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'Scary as hell': 'Freaks and Geeks' actor says COVID-19 caused partial paralysis

Having one dose of a COVID-19 vaccine likely helped Jerry Messing survive his grueling experience with COVID-19.
/ Source: TODAY

In the middle of August, former “Freaks and Geeks” actor Jerry Messing felt like he had a cold and wondered if it was COVID-19. He had received his first dose of a COVID-19 vaccine and was waiting for the second. One day he felt so bad, he asked his parents to take him to the hospital. As he was leaving, he collapsed and spent the next 21 days unconscious in the intensive care unit and is now experiencing some paralysis in his right arm and both legs. He’s shared his story to encourage others to get vaccinated.

“It is indeed important to be safe, vaccinated. And even if you are vaccinated, it doesn’t keep you from catching it,” the 35-year-old who lives in Tampa, Florida, told TODAY. “But the vaccine can keep you out of the hospital.”

'Scary as hell'

In mid-August, Messing started experiencing what seemed like cold symptoms — coughing for a few days. His father, Jim Messing, tested Messing’s oxygen levels, which were low, and Messing’s heart rate started increasing. When he asked to go to the hospital, he walked out to the hallway before collapsing.

“He was just absolutely so weak,” Patti Stiles, Messing’s mom, told TODAY. “We had to get paramedics to take him to the hospital.”

Jerry Messing was in the ICU for 21 days with COVID-19. He hopes people will get vaccinated after hearing his experience. Courtesy Jerry Messing

When he arrived, he was admitted to the ICU where doctors intubated him and put him on a ventilator. For the next 21 days, he was unconscious. He experienced pneumonia and MRSA and a few times his family worried that he wouldn’t survive.

“I just absolutely thought for a while we were going to lose him. There were a couple of close calls,” Stiles said. “It was just all, ‘Please God, he’s got so much to give to the world.’”

While Stiles and Jim Messing both tested positive for COVID-19, they had received both doses of an mRNA vaccine. Jim Messing had bronchitis before testing positive for COVID-19 so they’re unsure if he had any symptoms. But Stiles felt exhausted, lost her sense of smell and spent a lot of time in bed. Every day, Stiles called two times to talk to Messing in the ICU even though he was unconscious. She asked the nurses to play music to keep him encouraged.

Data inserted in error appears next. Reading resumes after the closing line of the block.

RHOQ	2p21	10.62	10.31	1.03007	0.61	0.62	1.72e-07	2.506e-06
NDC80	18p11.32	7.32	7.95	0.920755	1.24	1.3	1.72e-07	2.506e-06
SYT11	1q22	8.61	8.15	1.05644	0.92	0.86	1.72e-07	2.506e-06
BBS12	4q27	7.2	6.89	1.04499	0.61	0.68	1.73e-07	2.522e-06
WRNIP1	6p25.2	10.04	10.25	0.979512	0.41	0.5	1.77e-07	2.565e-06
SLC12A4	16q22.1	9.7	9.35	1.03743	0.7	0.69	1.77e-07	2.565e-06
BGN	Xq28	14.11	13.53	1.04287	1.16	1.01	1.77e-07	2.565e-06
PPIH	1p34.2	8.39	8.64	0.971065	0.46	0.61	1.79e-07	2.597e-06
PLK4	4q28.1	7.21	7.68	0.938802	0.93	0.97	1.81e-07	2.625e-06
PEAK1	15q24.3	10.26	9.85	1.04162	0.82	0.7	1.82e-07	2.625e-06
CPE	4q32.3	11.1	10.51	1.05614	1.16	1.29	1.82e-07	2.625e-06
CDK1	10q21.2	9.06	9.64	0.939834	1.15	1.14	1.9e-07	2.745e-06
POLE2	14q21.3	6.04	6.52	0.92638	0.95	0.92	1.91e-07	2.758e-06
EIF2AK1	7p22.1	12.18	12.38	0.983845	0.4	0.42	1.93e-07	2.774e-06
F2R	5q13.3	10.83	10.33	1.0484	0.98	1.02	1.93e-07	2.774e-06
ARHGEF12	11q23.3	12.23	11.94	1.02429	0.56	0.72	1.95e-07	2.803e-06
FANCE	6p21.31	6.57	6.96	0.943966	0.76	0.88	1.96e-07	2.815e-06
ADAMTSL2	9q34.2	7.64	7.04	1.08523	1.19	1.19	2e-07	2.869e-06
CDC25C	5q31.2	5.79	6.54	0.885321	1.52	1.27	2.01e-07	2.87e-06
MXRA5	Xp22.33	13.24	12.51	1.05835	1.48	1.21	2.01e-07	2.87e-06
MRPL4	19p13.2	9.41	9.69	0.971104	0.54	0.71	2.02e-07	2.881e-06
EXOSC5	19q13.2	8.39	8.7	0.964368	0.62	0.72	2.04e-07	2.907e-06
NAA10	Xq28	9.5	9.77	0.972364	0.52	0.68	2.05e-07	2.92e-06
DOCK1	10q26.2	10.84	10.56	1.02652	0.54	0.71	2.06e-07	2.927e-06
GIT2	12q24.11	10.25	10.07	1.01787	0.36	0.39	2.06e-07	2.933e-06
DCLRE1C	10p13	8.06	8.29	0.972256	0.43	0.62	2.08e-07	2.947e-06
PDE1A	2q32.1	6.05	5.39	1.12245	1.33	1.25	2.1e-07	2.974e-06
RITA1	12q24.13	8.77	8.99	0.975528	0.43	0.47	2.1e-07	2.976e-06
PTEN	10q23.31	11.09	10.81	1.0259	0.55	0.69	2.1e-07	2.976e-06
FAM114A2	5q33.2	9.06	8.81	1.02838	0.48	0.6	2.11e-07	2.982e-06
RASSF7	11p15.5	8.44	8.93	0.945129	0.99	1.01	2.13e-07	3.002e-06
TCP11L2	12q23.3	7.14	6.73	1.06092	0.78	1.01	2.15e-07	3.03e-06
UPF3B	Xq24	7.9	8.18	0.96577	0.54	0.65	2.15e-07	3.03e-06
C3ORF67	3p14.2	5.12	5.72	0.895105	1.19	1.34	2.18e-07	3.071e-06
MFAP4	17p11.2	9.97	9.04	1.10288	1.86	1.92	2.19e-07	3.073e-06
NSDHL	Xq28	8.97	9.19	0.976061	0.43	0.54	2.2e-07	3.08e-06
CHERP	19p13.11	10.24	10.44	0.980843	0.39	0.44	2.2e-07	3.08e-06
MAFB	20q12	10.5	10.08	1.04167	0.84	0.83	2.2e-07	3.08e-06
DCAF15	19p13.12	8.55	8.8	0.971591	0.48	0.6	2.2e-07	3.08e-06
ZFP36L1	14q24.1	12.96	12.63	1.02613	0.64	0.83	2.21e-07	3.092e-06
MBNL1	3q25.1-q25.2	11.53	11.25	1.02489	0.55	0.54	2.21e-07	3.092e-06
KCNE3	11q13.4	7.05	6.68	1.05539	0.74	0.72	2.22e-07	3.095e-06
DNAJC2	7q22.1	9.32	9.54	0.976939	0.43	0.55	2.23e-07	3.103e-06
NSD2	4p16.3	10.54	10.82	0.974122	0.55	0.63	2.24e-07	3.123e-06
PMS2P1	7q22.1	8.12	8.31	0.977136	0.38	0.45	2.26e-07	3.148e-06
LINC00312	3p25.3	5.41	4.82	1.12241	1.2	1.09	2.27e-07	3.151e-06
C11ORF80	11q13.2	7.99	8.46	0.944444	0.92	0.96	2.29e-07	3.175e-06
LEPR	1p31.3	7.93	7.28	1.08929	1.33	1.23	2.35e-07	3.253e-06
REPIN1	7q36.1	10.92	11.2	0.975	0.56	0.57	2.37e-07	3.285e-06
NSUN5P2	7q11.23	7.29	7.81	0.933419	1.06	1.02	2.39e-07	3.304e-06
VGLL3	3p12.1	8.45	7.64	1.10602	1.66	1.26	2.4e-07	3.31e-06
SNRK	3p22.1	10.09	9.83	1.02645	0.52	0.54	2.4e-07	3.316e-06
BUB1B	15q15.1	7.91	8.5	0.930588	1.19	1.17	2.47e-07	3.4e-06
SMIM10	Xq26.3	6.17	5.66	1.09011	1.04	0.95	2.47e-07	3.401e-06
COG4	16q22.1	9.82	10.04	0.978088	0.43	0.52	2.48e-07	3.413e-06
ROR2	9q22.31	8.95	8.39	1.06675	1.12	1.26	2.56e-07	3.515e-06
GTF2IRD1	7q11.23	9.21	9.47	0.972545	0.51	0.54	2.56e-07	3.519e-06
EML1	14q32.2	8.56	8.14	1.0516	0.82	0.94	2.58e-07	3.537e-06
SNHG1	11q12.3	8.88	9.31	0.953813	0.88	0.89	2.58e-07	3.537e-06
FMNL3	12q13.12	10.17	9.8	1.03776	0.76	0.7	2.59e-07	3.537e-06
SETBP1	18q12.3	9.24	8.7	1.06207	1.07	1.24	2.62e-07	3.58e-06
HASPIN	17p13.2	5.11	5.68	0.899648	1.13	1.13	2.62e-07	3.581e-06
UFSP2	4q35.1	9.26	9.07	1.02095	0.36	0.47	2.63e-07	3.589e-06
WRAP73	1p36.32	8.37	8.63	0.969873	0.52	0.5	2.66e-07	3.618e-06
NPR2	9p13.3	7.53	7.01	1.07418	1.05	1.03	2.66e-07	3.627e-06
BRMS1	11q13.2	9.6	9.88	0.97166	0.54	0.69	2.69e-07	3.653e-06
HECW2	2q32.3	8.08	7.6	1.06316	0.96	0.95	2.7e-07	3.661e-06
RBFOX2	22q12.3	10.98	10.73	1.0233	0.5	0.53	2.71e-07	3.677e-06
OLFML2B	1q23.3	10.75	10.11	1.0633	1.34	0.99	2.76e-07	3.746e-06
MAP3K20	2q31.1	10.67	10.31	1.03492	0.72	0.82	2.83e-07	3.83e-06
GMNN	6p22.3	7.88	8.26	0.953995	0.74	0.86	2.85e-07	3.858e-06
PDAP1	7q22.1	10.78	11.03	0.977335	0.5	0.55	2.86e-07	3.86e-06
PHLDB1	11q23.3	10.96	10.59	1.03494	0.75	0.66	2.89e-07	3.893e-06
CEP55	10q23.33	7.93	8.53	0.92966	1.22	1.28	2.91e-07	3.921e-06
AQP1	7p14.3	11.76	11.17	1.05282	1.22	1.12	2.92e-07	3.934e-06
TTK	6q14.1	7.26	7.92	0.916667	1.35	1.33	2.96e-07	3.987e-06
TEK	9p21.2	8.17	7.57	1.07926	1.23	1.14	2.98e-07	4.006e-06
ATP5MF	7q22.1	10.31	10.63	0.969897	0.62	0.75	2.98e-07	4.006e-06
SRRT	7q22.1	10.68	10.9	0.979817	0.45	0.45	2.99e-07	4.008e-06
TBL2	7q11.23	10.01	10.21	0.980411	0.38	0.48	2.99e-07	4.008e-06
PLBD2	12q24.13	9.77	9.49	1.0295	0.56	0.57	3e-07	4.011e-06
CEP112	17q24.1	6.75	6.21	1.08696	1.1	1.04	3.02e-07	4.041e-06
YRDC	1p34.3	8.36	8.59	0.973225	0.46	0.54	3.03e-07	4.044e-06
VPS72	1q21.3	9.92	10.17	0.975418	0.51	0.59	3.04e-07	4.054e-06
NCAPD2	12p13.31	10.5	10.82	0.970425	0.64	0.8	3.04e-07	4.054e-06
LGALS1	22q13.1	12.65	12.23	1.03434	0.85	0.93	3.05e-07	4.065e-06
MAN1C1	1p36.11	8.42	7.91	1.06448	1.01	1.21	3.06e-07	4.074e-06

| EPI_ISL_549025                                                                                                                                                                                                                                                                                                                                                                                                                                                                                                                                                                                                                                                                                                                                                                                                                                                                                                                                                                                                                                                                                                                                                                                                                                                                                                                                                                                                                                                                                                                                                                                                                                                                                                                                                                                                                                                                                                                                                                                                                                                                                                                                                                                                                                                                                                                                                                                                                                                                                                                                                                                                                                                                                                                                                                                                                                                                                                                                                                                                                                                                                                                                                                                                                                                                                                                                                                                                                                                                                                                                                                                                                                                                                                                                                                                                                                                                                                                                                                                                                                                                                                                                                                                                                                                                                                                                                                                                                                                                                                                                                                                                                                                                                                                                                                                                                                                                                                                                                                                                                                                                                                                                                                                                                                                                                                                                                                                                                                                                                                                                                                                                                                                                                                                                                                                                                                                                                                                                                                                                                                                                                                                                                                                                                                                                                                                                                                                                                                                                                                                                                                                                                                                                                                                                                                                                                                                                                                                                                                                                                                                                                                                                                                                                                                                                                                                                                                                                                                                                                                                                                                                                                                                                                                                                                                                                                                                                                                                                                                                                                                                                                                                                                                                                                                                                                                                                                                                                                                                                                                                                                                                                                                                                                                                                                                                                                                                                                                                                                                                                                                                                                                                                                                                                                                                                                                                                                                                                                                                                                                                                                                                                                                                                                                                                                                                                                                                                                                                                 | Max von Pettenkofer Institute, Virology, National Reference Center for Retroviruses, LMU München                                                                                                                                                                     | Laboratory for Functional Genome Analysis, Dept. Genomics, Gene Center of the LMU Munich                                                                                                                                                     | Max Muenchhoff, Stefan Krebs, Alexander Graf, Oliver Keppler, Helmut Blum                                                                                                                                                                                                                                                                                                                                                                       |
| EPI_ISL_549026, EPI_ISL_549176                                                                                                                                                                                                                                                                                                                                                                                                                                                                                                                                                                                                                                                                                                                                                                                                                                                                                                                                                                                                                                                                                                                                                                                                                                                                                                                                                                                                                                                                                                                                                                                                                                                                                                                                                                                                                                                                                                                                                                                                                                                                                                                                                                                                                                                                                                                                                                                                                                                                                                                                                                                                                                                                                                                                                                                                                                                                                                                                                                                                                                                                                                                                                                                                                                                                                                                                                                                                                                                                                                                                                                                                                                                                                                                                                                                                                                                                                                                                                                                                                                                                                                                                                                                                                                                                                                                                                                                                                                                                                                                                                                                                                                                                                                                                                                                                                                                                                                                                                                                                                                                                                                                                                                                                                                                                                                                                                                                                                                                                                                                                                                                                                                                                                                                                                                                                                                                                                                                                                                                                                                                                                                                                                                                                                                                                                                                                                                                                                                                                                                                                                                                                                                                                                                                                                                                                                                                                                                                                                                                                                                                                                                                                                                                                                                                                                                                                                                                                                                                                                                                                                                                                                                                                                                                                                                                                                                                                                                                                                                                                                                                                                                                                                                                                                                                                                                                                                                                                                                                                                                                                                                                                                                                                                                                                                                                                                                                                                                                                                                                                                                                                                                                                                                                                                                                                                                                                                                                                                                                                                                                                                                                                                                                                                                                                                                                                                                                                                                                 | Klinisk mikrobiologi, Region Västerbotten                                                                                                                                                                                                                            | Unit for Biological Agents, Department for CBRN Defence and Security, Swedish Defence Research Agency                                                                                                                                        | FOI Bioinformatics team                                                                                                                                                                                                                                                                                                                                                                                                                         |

“I said, ‘Can he hear?’ and she goes, ‘Oh yeah, he responds. But he can’t talk,’” Stiles recalled. “I said, ‘Jerry, you need to hang on. Don’t give up.’ And she told me that he nodded.”

After three weeks, Messing was weaned off the ventilator and woke. But he noticed he couldn’t move his right arm or his legs.

“It was pretty freaky,” Messing said. “It’s difficult. I’m not going to lie. I’m not used to not being able to do anything for myself. I’m not used to just lying in my bed all day.”

Messing is in a rehabilitation facility where he undergoes various therapies. Already he’s noticed a slight improvement in the paralysis, which doctors have told them is “COVID-related.”

“I can now somewhat move my legs. I can’t lift them or anything, but I can slide them a little,” Messing explained. “My right arm, I can sort of lift up.”

The doctors believe that Messing will be able to regain some function but they’re unsure how long it might take. He can also squeeze a ball with his right hand.

“Physically, he is doing so much better,” Stiles said. “His right arm, we’re helping him do exercise with that hand … It’s going to take a while for him to really get to being all better.”

Prior to contracting COVID-19, Messing lost 103 pounds and was hoping to lose more. In the ICU he lost 87 pounds, but some of it is muscle mass from not being able to move. He hopes when he recovers he can focus again on his health habits and lose more weight.

“I’ve been doing a lot of work and losing weight and when I get back on my feet, once I get out of the hospital, that will continue,” he said.

Messing said the doctors believe “the one shot saved me,” and Stiles said the doctors told her the same thing.

“They said that probably the reason Jerry didn’t die was because he had that first shot,” Stiles said. “They figured that probably helped a lot.”

The family is grateful Messing pulled through.

“I’m just so thankful that he’s out of the ICU and not on a ventilator anymore,” Stiles said. “He says he is so thankful he did not die. It gives you a whole new outlook on life.”

Messing said he would like to act again after he recovers.

“I haven’t acted in years though it is my intention to somehow get back into the industry once I’m healthy enough,” he said.

They hope that anyone still hesitant about receiving the vaccine, gets vaccinated after hearing about Messing.

“It’s just really important for people, who are able to, to get the vaccine. There’s nothing to be afraid of,” Stiles said. “You don’t want to be in an ICU on a ventilator. You got a big old tube down your throat and breathing for you and it’s just scary as hell.”